As soon as I pressed the “print” button, I got a little thrill. This is the 400th story I’ve written for my site sine I began writing in 2017. That is a great accomplishment for me and I thank each and every one of you for making that possible. I hope you enjoy #400 as you read this latest ink. 😎
“Mr. Bennett, we did everything in our power but the injuries were too extensive. I’m sorry. Your wife did not survive the surgery … the surgery … the surgery … your wife did not survive …”
My eyes flew open and I gasped for air like a drowning man. My fisted hands clutched the disheveled sheets on my bed. I was soaked in sweat, my heart racing. The recurring dream came back last night. Gradually my heartrate slowed down and my fists unclenched. Laying on my back, I stared up at the softly whirring ceiling fan. I closed my eyes for five seconds and the tears started. It never gets better; it never gets easier.
Three years ago my darling Olivia, my life-force, my soulmate, my wife of two ineffably brief weeks died in a ghastly motorcycle accident while on our honeymoon in Barcelona. Frozen in place, I stared at her broken body; my brain told me she was dead but my heart and soul refused to listen.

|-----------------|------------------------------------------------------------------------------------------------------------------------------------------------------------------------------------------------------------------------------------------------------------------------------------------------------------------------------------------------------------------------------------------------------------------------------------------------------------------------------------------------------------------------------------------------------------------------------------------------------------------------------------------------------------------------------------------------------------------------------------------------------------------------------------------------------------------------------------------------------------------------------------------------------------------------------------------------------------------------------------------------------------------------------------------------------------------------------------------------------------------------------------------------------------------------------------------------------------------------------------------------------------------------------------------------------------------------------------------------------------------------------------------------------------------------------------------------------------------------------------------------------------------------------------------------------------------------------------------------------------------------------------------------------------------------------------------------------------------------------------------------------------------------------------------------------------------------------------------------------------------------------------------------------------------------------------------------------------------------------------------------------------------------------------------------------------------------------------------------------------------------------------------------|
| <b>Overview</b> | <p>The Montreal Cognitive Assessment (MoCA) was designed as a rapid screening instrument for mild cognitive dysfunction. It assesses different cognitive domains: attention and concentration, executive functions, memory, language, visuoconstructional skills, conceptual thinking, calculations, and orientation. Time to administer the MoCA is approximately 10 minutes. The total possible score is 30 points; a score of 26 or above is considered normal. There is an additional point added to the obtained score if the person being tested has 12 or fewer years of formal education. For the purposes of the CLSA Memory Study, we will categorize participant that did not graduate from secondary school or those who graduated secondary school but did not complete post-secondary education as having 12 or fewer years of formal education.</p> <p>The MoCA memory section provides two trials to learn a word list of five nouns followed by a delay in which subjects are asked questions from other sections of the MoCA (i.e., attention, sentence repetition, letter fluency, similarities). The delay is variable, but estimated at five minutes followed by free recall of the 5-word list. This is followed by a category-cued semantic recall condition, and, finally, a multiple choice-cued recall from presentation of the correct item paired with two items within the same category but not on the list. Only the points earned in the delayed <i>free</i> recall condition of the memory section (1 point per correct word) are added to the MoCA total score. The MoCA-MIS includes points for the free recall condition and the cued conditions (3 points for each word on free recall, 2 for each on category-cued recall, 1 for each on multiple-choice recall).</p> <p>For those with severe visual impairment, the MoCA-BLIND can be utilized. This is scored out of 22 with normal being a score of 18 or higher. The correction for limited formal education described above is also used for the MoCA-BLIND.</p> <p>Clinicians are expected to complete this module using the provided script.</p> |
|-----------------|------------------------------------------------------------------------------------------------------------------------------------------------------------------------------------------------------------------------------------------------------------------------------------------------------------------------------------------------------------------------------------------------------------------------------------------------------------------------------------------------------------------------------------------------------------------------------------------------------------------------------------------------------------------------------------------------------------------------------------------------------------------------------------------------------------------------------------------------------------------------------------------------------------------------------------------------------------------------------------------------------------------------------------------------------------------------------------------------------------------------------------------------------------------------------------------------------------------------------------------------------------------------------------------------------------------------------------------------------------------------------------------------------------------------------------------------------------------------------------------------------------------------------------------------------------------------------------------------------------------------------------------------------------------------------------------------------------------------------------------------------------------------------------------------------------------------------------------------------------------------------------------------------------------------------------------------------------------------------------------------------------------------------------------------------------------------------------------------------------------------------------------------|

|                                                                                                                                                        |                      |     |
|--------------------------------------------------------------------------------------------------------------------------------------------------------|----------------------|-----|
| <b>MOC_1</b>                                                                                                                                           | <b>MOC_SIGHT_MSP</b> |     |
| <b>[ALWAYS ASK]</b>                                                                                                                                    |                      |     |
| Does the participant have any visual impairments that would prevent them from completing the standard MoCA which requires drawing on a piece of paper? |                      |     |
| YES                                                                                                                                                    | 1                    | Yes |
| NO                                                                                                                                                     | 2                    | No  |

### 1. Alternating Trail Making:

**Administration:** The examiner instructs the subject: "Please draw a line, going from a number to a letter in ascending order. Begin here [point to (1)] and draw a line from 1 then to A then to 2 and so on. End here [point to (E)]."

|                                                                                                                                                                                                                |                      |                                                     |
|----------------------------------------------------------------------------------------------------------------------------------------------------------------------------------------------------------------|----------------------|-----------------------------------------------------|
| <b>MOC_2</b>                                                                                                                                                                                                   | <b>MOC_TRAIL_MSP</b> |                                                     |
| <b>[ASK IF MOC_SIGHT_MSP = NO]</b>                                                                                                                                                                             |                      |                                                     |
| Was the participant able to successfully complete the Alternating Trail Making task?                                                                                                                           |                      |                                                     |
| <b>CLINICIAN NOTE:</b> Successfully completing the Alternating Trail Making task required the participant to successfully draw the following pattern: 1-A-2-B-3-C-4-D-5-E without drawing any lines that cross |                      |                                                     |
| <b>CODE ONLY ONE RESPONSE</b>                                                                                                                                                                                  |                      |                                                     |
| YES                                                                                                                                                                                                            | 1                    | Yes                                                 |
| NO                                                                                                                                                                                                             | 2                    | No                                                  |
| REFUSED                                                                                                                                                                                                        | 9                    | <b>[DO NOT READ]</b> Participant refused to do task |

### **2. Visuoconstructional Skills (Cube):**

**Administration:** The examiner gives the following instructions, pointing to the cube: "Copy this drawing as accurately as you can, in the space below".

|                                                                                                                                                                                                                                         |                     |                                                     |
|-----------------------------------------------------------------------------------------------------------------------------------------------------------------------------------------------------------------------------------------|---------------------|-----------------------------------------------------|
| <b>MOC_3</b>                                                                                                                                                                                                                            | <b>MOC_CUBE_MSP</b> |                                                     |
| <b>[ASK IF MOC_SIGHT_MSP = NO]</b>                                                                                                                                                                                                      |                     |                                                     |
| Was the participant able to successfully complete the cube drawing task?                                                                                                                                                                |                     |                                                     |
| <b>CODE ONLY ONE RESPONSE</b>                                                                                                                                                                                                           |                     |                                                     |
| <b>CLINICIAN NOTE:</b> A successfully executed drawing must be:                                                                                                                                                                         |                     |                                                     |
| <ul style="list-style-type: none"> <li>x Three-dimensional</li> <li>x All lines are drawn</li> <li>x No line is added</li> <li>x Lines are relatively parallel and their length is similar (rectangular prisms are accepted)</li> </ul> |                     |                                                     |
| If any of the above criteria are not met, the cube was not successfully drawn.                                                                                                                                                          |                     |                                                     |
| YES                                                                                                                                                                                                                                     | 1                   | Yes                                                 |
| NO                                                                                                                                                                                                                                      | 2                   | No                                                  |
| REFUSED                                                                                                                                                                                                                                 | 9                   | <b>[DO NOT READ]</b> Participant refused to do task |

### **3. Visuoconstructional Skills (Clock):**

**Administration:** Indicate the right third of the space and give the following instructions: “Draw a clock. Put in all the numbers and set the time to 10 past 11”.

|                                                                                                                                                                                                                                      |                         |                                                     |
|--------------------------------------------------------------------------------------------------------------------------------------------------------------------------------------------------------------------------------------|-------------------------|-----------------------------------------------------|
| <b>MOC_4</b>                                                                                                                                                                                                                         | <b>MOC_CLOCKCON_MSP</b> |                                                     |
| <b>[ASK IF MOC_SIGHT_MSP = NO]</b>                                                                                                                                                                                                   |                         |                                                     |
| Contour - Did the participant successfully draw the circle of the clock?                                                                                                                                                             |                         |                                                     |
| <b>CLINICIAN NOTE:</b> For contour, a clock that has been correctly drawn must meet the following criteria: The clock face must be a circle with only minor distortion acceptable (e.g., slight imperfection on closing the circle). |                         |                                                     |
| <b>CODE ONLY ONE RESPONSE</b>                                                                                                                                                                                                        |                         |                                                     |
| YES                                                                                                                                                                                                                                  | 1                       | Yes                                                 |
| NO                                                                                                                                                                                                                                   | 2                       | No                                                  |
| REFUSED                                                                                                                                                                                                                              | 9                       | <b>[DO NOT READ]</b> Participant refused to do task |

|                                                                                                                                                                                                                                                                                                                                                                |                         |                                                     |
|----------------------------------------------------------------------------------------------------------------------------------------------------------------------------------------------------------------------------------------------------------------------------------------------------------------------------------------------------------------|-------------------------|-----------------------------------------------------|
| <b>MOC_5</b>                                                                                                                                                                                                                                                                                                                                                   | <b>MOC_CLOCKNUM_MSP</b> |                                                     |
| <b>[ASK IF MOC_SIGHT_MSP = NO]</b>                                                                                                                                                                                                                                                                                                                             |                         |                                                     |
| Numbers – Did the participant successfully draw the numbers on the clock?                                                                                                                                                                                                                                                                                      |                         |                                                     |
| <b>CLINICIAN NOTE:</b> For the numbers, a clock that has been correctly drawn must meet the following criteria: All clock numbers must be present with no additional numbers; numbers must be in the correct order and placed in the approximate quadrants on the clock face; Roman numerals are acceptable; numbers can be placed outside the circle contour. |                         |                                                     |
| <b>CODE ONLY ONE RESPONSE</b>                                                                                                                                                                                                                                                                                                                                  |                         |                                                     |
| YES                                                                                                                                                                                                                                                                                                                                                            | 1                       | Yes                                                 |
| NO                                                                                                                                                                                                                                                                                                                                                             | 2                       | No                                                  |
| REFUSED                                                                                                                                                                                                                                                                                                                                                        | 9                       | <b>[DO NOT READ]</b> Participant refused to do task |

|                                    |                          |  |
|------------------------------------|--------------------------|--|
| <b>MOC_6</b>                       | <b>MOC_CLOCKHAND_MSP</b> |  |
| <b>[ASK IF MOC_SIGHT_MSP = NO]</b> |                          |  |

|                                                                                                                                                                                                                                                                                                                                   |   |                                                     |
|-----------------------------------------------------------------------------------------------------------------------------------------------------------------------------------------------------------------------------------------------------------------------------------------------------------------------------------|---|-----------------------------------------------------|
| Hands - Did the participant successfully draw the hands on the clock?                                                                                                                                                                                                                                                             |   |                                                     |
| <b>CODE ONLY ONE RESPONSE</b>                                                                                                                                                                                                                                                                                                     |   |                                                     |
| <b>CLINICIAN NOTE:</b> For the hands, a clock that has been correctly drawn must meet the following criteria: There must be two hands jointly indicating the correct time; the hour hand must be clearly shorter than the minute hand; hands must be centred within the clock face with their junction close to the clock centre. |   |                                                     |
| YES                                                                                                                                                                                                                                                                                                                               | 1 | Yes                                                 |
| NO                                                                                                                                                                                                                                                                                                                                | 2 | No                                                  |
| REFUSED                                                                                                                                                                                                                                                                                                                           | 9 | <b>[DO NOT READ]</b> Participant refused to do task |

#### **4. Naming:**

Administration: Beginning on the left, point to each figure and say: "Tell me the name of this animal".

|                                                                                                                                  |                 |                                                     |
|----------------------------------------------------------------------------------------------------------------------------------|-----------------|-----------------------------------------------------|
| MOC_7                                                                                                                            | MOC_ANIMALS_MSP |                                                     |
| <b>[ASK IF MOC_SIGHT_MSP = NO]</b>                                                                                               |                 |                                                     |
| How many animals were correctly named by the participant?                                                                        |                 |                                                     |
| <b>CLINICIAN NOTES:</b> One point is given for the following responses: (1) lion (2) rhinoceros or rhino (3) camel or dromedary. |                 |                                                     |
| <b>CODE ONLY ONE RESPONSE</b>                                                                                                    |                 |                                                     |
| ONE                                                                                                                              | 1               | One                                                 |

I remembered the ambulance and police arriving, the excruciatingly long ride to the hospital, the lonely wait in the eerily quiet emergency room and the surgeon’s words … those words that haunted me day after day after day. My wife was dead, my brief marriage erased and my heart crushed. We hadn’t even opened our wedding gifts.
I dragged myself to the shower, trying to wash away the dream. It didn’t work. It was time for me to leave here, escape the memories and the sadness. Our friends stopped calling long ago and there was nothing left for me. My parents were dead; Olivia’s parents wished they were dead instead of her. In this huge world I was utterly alone. It was time for me to go.
A loud thunderclap announced it was not a good day to take out the bike. I’d been sleepwalking for three years and I’d had enough; I needed to do this. For the first time in forever I removed my wedding ring and placed it on the dresser next to my phone and wallet.
“Will the bike start up?” I wondered “Or has it died, too?” I grabbed my helmet and walked to the garage. The bike was plugged in; when did I do that? In one of my rare moments of clarity? I slipped on my gloves, opened the garage door and climbed on my bike. It was pouring and I had no idea where I was going. It didn’t matter; I stopped caring. Now I needed to stop the heartache.
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